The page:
Middle Eastern Studies alum awarded $25,000 Mary Churchill Humphrey Scholarship
By Cindy Hess - August 7, 2018
In a few weeks, UofL alumnus William Nathan Dever begins classes at the University of Edinburgh in Scotland.
Dever, who is pursuing a master’s degree in Middle Eastern Studies with Arabic, is funding much of his graduate education through the Mary Churchill Humphrey Scholarship — a UofL College of Arts and Sciences prize that provides up to $25,000 for graduate study in the United Kingdom.
A nontraditional student who discovered his interest in Arabic and Middle Eastern studies after taking a Metroversity class, Dever’s academic journey follows an unusual path.
It began when the Washington, DC, native heard a certain composer during his senior year of high school. Fascinated by the composer’s work, Dever turned his full attention to music and, in particular, the piano.
“I ended up taking to the piano quickly and became very interested in classical piano and, eventually, music composition. While this is still a big part of my life, I found it a very difficult path to find a steady job in. For that reason, I decided to go to university with the general intention of studying Middle Eastern studies, which I had developed an interest in following a few trips to the (Louisville) region,” Dever said.
“As I was a non-traditional student and was looking for ways to save money. I entered JCTC and completed my AA there, while also pursuing Arabic language studies on my own with a private tutor. While at JCTC, I took a course through Metroversity at UofL with Dr. Steven Brooke, whose Middle Eastern-focused comparative politics work got me interested in pursuing a political science major upon my eventual transfer to UofL,” he said.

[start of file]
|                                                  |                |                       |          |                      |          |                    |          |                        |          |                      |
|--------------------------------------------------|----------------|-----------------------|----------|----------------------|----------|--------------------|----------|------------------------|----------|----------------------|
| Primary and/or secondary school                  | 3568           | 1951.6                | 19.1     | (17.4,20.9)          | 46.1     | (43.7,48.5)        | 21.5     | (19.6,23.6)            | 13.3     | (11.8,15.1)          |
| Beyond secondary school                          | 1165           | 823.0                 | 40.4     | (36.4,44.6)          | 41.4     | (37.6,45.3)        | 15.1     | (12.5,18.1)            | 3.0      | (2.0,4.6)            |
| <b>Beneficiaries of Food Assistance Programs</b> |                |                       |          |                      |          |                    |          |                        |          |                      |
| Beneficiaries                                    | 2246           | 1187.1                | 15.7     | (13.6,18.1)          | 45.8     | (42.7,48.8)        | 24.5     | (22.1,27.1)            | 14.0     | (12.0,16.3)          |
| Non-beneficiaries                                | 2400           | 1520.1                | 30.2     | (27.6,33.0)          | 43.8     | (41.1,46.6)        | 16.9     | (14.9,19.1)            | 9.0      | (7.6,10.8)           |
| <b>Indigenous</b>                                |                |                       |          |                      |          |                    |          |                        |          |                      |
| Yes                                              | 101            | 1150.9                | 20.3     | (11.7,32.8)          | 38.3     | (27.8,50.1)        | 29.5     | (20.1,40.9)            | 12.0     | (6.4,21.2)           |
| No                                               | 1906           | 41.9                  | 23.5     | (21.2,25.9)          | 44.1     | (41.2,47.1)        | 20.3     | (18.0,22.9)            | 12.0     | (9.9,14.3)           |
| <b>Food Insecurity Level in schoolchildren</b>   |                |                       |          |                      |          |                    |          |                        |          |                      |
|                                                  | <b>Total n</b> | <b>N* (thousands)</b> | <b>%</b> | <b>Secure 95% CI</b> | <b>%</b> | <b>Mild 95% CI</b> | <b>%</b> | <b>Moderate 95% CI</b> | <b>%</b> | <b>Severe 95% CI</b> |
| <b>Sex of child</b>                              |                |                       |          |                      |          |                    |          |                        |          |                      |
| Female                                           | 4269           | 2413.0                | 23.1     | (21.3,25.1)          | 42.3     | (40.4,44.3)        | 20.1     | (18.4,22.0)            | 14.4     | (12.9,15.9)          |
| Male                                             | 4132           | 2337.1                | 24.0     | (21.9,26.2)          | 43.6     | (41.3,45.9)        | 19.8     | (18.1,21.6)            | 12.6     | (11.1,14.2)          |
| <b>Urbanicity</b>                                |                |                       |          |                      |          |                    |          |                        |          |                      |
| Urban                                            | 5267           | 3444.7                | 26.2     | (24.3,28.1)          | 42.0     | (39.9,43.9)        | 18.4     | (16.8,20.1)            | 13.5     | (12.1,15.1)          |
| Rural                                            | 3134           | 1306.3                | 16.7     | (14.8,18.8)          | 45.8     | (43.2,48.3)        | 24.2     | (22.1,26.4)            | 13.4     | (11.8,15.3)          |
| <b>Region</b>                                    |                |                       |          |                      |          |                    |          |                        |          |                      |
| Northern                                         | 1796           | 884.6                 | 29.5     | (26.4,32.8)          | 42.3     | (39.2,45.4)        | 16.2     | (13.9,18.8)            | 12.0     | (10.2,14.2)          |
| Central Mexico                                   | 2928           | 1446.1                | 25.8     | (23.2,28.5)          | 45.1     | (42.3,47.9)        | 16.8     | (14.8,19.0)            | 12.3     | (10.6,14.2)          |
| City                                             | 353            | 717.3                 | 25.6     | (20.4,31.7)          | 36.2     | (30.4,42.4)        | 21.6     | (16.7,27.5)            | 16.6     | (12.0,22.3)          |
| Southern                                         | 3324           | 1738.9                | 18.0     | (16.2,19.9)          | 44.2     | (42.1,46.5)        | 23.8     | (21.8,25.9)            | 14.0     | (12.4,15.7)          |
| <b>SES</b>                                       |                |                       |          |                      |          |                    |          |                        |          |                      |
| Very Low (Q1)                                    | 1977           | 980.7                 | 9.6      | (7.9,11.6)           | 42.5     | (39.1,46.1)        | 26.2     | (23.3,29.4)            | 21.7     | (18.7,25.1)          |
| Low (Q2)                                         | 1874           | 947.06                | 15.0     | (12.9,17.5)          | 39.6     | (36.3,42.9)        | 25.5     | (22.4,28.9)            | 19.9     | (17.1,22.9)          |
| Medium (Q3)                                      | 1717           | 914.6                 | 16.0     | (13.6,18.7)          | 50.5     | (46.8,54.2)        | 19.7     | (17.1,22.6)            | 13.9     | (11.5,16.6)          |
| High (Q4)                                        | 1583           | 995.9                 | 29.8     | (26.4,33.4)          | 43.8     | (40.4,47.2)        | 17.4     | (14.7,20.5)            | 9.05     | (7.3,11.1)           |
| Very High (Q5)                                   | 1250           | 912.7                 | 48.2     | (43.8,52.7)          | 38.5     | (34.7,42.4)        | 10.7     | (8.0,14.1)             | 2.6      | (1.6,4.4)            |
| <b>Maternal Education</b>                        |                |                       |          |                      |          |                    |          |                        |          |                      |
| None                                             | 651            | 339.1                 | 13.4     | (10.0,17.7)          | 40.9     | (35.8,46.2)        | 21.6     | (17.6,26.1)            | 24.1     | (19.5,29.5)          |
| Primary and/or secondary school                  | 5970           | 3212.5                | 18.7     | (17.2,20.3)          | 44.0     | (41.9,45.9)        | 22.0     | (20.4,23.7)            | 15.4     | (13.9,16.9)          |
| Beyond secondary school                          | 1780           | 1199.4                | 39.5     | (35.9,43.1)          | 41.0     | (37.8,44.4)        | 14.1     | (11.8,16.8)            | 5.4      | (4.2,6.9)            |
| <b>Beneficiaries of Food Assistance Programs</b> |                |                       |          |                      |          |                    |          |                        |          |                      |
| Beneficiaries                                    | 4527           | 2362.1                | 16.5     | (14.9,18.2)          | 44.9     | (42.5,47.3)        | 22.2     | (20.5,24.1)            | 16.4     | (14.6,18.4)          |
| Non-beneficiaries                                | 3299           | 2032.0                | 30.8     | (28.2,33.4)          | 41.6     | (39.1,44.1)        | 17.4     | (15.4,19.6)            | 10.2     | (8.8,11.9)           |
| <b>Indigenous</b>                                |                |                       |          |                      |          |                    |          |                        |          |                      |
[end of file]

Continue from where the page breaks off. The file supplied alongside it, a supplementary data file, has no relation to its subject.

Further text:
It seems likely that Dever’s quest to explore Middle Eastern culture and language would have pleased Mary Churchill Humphrey, the benefactor of his UofL scholarship. Humphrey, who died in 1972, established the scholarship in memory of her parents and indicated that she wanted the prize to contribute to “broadening the holder’s mind.”
For nearly 70 years, the scholarship has done exactly that and is believed to be one of the most valuable and enduring university-awarded awards in UofL history.
For Dever, the award means he can give full attention to his studies.
“Thanks to this award, I will be able to make the most of my time at the University of Edinburgh and focus on my studies in a way which would not have been otherwise possible,” he said.